What is Dementia?
Dementia is a group of symptoms associated with the decline of the brain and its functions.
Dementia is caused when the brain is damaged by a disease such as Alzheimer's. Alzheimer's Disease is the most common form of Dementia but not all Dementia is caused by the disease.
What are the common difficulties associated with Dementia?
Dementia can have varying speeds of onset and present itself in a variety of ways. Below are some of the common difficulties associated with Dementia:
- Apathy or a lack of interest in usual hobbies or interests
- Difficulty controlling emotions
- Personality changes
- Reduced thinking and processing speed
- Memory loss
- Difficulty recalling names of family members or familiar objects
- Difficulty understanding conversations, questions and instructions
- Problems with judging distance for example on the stairs
- Orientation to time, date or location
If you would like to learn more about how we as occupational therapists can help people overcome common difficulties associated with Dementia and Alzheimer’s, you will find some useful links at the bottom of this page.
How can occupational therapy help people with Dementia?
Occupational therapy can be an important source of support for clients with Dementia and their families. The role of an occupational therapist (OT) is to work with clients to maximise their level of independence in their day-to-day activities. We achieve this through assessment of client’s daily life to identify goals, routines and activities that they wish to maintain, protect or work towards. The journey of Dementia is different for each person diagnosed and our role is to provide clients and their families with the ‘tools’ needed to preserve their memory and function for as long as possible.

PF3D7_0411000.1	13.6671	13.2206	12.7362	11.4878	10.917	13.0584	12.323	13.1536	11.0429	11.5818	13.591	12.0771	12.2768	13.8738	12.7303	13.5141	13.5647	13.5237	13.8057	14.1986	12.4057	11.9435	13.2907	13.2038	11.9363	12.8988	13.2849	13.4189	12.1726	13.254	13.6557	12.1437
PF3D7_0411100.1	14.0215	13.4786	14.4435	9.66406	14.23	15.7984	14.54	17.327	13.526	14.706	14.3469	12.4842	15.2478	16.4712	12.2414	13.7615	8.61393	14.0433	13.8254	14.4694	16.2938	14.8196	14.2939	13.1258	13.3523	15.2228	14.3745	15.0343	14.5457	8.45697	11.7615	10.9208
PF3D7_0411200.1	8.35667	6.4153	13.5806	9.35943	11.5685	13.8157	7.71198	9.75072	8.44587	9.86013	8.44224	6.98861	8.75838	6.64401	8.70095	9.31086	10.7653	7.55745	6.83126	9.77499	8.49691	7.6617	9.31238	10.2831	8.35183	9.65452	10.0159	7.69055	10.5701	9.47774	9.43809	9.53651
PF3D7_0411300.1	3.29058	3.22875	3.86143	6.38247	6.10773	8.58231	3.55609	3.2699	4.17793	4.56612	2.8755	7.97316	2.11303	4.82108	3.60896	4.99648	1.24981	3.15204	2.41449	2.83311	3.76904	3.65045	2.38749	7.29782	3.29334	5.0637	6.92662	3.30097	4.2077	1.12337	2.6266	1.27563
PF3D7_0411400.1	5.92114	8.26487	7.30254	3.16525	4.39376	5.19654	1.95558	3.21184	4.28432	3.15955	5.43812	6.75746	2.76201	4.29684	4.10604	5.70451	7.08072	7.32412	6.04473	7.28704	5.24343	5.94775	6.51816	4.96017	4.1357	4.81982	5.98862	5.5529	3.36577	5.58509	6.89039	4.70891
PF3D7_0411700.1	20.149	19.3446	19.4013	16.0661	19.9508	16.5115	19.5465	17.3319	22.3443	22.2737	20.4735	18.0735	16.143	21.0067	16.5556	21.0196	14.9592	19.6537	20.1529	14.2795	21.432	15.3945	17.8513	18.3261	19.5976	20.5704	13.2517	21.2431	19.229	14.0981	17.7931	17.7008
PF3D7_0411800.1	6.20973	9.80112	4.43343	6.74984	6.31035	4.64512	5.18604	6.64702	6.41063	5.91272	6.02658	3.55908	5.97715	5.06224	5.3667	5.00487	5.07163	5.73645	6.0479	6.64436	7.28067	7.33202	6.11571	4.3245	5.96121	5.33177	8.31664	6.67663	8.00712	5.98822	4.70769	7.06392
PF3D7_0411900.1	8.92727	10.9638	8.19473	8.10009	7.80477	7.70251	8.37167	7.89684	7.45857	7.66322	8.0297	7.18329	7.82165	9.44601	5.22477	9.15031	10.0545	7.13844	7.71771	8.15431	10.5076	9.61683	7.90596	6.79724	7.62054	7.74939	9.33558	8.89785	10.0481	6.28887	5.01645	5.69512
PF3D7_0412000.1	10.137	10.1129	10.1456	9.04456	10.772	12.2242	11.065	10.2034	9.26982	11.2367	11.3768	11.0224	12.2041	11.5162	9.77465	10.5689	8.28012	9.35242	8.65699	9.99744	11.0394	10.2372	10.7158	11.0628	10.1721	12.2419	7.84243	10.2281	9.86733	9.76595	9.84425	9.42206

An OT will work with a client with Dementia to identify the areas they are struggling with and help them find ways around these. We aim to provide practical advice and techniques directly to the client as well as their family members. Below are some examples of how an occupational therapist may help a client with dementia.
- Advice on new techniques to continue to complete every day activities such as dressing and meal preparation as the condition advances
- Support with sourcing the right equipment to help with difficulties as they arise, this might be the correct wheelchair or comfy chair for example
- Longer term recommendations in terms of ensuring your home will meet your needs both now and in the future. This will include considering adaptations such as wet rooms or stair lifts
- Fatigue management, as extreme tiredness is a common problem with Dementia
- Memory strategies to help manage short term memory loss
- Orientation strategies
- Reminiscence work to help manage long term memory loss
- Routine planning, to help structure the day and provide stability